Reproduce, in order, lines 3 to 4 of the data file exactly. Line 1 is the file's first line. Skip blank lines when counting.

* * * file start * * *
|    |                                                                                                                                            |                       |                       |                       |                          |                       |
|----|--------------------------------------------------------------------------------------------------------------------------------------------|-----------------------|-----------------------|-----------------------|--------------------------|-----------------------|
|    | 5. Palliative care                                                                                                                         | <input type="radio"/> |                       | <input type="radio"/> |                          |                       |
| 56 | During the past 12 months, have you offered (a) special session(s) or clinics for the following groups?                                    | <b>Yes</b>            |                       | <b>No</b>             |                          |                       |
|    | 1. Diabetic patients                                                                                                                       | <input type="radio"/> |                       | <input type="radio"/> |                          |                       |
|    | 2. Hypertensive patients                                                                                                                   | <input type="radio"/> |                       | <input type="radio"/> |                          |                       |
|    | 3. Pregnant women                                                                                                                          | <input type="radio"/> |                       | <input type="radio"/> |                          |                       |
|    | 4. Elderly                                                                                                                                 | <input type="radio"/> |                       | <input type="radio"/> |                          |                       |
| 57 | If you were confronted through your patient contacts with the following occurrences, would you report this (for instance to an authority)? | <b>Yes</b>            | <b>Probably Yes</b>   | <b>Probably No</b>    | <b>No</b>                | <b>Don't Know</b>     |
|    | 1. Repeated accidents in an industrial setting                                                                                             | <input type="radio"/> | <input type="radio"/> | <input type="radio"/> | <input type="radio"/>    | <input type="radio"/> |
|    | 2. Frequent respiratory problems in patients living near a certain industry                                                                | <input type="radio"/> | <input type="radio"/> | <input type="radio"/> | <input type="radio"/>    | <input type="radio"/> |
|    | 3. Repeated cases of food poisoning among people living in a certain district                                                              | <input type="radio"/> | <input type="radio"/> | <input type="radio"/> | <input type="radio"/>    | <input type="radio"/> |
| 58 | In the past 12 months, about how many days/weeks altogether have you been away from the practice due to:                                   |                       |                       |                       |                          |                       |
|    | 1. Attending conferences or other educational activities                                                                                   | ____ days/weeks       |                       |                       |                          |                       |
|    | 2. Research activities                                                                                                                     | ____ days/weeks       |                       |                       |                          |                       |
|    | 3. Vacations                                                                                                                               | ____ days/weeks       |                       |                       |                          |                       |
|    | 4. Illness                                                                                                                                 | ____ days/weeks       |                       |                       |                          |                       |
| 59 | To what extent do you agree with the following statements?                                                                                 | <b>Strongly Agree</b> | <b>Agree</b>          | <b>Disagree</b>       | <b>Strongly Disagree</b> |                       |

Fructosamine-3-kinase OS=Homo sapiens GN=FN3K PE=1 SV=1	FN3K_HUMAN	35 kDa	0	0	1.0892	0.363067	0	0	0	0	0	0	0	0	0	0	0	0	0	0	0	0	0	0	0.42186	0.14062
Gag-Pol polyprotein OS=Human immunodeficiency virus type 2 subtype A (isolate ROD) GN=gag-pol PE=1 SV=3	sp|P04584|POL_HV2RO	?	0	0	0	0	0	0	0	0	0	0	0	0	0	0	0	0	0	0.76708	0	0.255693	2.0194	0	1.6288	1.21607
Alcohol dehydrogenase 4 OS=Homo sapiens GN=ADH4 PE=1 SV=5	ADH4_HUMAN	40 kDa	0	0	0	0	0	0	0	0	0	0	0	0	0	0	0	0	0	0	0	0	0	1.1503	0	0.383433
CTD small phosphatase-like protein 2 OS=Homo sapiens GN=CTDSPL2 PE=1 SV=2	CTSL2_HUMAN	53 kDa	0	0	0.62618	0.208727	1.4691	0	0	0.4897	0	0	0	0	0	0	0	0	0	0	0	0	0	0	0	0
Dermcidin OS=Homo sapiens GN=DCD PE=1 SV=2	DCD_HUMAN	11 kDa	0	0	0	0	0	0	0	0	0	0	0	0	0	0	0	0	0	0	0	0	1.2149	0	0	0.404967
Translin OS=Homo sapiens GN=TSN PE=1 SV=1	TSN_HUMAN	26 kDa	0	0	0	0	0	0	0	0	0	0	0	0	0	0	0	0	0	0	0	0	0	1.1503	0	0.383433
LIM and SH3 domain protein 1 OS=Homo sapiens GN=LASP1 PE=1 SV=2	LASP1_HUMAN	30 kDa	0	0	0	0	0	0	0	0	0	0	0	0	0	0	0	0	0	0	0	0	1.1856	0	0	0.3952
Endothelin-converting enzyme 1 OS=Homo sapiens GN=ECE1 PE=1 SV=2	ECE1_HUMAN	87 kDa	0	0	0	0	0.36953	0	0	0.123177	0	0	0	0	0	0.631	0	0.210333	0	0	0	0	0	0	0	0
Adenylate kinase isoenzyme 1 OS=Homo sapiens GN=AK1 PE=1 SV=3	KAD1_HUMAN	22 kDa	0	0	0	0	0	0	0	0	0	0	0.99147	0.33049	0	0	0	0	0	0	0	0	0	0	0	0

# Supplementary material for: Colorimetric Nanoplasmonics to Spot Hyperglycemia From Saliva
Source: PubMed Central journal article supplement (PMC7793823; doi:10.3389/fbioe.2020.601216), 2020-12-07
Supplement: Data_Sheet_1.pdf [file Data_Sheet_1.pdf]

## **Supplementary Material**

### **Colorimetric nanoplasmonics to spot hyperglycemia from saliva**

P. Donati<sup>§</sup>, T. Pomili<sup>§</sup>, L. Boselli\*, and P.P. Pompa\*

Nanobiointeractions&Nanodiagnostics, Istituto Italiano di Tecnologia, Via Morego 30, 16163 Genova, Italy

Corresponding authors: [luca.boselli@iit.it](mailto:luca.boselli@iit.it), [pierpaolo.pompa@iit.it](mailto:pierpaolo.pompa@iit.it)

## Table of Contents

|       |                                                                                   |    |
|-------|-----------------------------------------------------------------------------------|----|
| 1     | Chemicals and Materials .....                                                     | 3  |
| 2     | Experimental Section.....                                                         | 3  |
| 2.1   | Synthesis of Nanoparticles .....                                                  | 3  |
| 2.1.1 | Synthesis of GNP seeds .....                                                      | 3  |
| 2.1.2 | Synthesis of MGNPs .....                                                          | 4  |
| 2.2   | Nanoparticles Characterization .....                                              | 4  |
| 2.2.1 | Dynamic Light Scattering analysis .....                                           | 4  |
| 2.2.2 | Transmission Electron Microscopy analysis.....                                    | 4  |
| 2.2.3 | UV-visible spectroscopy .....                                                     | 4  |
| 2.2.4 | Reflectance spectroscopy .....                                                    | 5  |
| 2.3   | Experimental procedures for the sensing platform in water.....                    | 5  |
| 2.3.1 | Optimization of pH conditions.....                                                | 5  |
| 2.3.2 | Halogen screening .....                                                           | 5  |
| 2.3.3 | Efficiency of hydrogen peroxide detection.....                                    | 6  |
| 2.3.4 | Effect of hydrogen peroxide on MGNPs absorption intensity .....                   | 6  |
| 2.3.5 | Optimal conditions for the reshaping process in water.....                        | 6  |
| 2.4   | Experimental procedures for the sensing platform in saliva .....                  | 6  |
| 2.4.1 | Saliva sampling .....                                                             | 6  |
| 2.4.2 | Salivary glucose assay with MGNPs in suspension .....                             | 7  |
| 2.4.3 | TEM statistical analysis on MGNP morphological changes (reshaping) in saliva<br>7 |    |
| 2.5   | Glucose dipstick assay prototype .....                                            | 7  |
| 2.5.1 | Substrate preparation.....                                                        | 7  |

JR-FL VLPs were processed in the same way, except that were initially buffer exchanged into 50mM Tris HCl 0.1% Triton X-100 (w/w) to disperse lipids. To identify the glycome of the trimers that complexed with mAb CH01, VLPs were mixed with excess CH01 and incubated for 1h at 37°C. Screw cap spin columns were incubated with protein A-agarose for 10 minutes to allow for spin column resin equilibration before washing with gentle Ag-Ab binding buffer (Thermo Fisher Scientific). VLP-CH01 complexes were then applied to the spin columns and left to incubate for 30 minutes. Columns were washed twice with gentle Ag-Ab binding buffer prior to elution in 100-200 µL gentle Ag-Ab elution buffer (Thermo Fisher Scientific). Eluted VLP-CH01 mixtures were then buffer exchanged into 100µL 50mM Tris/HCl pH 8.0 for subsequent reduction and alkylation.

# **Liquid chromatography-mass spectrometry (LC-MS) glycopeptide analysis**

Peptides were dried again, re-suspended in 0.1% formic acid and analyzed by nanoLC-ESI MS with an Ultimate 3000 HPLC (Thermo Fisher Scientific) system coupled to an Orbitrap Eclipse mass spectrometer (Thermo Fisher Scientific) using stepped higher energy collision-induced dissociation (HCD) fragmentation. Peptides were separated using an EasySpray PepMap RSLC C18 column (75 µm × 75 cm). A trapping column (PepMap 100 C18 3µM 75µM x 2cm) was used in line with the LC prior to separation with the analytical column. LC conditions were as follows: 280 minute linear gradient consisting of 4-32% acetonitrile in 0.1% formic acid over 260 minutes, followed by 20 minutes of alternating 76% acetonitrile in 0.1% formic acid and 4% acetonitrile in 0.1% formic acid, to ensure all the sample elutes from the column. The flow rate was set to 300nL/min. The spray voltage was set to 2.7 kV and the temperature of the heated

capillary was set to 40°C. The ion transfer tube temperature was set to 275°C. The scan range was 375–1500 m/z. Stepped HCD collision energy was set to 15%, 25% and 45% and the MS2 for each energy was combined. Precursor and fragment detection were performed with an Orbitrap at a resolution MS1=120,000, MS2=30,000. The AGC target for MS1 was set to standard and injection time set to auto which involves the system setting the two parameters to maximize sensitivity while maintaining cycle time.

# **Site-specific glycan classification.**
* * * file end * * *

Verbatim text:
|    | 5. Palliative care                                                                                                                         | <input type="radio"/> |                       | <input type="radio"/> |                          |                       |
| 56 | During the past 12 months, have you offered (a) special session(s) or clinics for the following groups?                                    | <b>Yes</b>            |                       | <b>No</b>             |                          |                       |